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Hospital reporting of C. difficile decreases cases

Sometimes a bit of publicity can do wonders for resolving a seemingly intractable problem.

A decade ago, an alarming number of patients were picking up infections of Clostridium difficile while undergoing care in Ontario hospitals. The elderly and those receiving antibiotic treatment or cancer chemotherapy are extremely vulnerable to C. difficile, which causes diarrhea, fever, nausea and abdominal pain. In some cases, it can be fatal.

Then in September, 2008, the provincial Health Ministry announced that each hospital would have to publicly report the rate of C. difficile infections among patients.

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Mandatory disclosure turned out to an extremely effective means of bringing the infections under better control, according to a study by researchers at the Institute for Clinical Evaluative Sciences in Toronto.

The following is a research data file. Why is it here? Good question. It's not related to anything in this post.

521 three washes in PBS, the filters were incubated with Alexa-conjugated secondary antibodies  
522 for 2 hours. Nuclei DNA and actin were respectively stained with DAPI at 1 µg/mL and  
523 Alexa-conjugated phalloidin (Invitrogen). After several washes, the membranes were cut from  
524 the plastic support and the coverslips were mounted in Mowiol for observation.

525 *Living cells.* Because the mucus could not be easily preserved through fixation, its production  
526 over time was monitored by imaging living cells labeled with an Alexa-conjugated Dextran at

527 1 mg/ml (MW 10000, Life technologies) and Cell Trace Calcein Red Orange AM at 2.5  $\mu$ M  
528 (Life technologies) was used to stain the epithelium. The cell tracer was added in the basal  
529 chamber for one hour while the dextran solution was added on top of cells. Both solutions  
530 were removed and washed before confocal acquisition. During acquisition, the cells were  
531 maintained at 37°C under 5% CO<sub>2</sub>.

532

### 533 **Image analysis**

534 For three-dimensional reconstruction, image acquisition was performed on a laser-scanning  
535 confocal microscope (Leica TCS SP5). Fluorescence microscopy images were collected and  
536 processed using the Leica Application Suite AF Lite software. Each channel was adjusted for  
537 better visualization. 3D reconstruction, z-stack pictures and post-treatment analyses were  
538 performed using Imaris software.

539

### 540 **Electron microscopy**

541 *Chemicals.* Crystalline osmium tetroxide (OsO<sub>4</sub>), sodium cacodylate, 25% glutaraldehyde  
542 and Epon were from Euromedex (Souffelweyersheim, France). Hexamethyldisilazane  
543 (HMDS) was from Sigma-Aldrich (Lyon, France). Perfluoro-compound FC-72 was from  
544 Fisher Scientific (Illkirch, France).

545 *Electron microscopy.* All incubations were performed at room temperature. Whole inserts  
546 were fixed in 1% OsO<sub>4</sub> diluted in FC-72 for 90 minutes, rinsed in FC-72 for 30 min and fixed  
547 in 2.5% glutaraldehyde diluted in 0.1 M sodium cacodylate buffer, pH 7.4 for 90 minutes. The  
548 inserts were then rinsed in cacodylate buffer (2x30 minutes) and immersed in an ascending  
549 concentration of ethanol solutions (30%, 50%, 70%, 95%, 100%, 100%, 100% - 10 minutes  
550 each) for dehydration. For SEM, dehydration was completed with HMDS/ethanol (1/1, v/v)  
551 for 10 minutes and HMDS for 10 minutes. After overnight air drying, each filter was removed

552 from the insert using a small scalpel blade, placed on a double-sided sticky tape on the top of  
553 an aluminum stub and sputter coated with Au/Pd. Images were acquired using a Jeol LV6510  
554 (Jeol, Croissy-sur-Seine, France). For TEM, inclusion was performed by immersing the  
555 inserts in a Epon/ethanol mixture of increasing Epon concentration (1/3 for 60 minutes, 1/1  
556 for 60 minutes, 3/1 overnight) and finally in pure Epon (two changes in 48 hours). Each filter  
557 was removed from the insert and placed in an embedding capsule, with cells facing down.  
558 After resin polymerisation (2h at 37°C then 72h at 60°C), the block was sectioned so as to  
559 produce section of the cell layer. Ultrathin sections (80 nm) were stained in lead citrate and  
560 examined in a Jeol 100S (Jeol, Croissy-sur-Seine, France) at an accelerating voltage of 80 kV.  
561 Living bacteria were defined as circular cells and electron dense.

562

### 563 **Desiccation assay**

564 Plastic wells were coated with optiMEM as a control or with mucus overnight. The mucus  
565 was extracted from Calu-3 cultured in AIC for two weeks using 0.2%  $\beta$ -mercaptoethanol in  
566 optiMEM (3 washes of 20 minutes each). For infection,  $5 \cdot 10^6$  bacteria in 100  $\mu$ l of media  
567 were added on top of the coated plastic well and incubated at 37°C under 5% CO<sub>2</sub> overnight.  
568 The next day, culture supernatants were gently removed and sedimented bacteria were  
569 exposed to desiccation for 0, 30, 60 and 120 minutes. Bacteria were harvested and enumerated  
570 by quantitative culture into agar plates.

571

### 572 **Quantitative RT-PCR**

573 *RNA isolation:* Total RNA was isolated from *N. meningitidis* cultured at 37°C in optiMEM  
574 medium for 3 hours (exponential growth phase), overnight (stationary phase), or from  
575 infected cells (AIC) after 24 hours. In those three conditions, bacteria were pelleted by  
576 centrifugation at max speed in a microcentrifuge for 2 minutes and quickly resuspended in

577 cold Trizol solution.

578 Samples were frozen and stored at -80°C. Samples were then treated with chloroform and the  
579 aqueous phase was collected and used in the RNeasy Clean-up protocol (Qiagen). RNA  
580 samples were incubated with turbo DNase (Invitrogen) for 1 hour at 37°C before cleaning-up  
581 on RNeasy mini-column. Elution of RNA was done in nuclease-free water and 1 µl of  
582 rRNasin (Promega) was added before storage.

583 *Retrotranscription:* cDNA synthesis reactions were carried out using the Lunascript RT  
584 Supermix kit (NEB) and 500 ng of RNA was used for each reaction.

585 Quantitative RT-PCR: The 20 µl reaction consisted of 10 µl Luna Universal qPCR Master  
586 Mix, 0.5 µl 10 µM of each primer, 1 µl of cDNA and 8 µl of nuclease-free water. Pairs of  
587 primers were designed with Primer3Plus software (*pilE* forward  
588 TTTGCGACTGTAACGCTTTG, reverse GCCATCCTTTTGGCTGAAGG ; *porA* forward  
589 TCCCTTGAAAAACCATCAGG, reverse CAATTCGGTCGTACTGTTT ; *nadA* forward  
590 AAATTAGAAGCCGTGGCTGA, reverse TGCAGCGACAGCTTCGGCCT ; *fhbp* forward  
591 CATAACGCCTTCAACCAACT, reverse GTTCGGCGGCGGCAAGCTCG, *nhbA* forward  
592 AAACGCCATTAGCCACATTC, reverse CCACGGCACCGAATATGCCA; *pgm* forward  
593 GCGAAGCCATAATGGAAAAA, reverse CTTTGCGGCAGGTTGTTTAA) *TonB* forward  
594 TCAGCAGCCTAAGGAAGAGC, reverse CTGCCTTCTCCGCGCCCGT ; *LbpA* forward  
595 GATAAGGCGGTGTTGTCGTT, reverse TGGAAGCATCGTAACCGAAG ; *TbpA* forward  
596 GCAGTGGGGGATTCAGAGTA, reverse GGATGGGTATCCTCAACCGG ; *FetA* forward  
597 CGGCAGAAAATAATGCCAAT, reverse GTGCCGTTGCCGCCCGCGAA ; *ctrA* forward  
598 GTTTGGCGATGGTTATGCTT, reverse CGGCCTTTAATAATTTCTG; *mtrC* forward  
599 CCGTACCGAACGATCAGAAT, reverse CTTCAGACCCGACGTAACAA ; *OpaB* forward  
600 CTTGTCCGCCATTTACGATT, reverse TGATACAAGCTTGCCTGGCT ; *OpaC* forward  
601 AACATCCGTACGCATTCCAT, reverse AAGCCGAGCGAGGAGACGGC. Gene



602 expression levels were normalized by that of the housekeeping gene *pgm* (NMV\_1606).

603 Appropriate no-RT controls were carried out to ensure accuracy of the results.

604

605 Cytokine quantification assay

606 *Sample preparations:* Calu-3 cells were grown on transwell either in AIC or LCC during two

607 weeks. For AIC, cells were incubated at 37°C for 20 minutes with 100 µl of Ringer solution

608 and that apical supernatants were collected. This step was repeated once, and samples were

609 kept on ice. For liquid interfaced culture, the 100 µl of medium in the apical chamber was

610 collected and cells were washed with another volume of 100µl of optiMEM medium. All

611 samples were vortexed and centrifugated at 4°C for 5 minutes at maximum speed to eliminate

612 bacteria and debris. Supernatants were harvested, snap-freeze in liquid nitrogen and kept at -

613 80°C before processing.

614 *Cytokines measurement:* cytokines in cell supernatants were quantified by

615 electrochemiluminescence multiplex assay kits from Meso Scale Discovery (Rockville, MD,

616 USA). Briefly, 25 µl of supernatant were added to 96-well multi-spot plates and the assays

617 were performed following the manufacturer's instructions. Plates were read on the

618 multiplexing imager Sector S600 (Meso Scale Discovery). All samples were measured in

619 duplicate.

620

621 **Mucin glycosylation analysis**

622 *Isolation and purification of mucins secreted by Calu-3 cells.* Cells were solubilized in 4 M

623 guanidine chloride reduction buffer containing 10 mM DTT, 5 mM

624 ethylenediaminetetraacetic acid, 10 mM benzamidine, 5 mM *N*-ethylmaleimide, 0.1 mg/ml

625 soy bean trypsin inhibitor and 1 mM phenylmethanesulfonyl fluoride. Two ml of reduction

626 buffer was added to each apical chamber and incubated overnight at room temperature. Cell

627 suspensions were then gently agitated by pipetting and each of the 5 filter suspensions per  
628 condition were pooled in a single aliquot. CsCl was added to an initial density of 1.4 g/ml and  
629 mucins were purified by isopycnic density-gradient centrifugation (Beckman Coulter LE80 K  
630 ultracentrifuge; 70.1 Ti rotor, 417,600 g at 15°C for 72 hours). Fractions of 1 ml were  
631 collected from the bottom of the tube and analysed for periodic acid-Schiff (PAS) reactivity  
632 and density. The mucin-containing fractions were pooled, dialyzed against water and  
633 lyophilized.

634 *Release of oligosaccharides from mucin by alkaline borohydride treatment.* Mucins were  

The researchers reviewed Ontario data from 2002 to 2010. Their findings, published in the online journal PLoS Medicine, showed that hospital infection rates climbed from 2002 to 2008, reaching about 6,000 cases a year. But the introduction of public reporting in late 2008 was associated with a 26.7-per-cent plunge in infection rates, said the lead researcher, Nick Daneman, who is also an infectious disease specialist at the Sunnybrook Health Sciences Centre.

"We speculate that focusing the public lens on C. difficile helped to identify this pathogen as a major patient safety concern, and influenced hospitals to ramp up prevention efforts," Dr. Daneman said.

Over all, the researchers estimate that the infection control efforts have cut the number of C. difficile cases by almost 2,000 a year and resulted in 100 fewer deaths annually in Ontario.

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